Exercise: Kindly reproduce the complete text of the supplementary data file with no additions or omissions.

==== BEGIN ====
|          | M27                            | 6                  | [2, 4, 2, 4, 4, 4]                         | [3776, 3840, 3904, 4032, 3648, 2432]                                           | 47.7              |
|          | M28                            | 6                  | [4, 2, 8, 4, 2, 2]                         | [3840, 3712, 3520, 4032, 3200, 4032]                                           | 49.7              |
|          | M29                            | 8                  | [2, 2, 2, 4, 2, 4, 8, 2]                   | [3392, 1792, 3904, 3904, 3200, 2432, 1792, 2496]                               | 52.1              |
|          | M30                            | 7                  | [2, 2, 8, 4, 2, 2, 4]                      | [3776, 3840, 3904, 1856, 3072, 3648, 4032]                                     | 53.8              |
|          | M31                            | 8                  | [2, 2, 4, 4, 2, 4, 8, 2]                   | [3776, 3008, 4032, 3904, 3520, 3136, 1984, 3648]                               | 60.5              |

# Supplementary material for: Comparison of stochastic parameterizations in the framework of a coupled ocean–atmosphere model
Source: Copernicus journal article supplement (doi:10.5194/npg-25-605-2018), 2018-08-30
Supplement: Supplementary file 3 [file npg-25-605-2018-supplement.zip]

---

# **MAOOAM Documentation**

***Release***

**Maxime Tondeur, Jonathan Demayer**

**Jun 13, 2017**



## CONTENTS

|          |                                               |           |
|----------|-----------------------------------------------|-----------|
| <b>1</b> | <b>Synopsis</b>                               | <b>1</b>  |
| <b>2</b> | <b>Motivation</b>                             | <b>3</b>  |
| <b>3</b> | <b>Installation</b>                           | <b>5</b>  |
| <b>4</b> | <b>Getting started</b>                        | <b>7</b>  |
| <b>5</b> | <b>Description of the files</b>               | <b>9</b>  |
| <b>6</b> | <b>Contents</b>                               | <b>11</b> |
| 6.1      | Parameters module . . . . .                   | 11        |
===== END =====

|          | M27                            | 6                  | [2, 4, 2, 4, 4, 4]                         | [3776, 3840, 3904, 4032, 3648, 2432]                                           | 47.7              |
|          | M28                            | 6                  | [4, 2, 8, 4, 2, 2]                         | [3840, 3712, 3520, 4032, 3200, 4032]                                           | 49.7              |
|          | M29                            | 8                  | [2, 2, 2, 4, 2, 4, 8, 2]                   | [3392, 1792, 3904, 3904, 3200, 2432, 1792, 2496]                               | 52.1              |
|          | M30                            | 7                  | [2, 2, 8, 4, 2, 2, 4]                      | [3776, 3840, 3904, 1856, 3072, 3648, 4032]                                     | 53.8              |
|          | M31                            | 8                  | [2, 2, 4, 4, 2, 4, 8, 2]                   | [3776, 3008, 4032, 3904, 3520, 3136, 1984, 3648]                               | 60.5              |

# Supplementary material for: Comparison of stochastic parameterizations in the framework of a coupled ocean–atmosphere model
Source: Copernicus journal article supplement (doi:10.5194/npg-25-605-2018), 2018-08-30
Supplement: Supplementary file 3 [file npg-25-605-2018-supplement.zip]

---

# **MAOOAM Documentation**

***Release***

**Maxime Tondeur, Jonathan Demayer**

**Jun 13, 2017**



## CONTENTS

|          |                                               |           |
|----------|-----------------------------------------------|-----------|
| <b>1</b> | <b>Synopsis</b>                               | <b>1</b>  |
| <b>2</b> | <b>Motivation</b>                             | <b>3</b>  |
| <b>3</b> | <b>Installation</b>                           | <b>5</b>  |
| <b>4</b> | <b>Getting started</b>                        | <b>7</b>  |
| <b>5</b> | <b>Description of the files</b>               | <b>9</b>  |
| <b>6</b> | <b>Contents</b>                               | <b>11</b> |
| 6.1      | Parameters module . . . . .                   | 11        |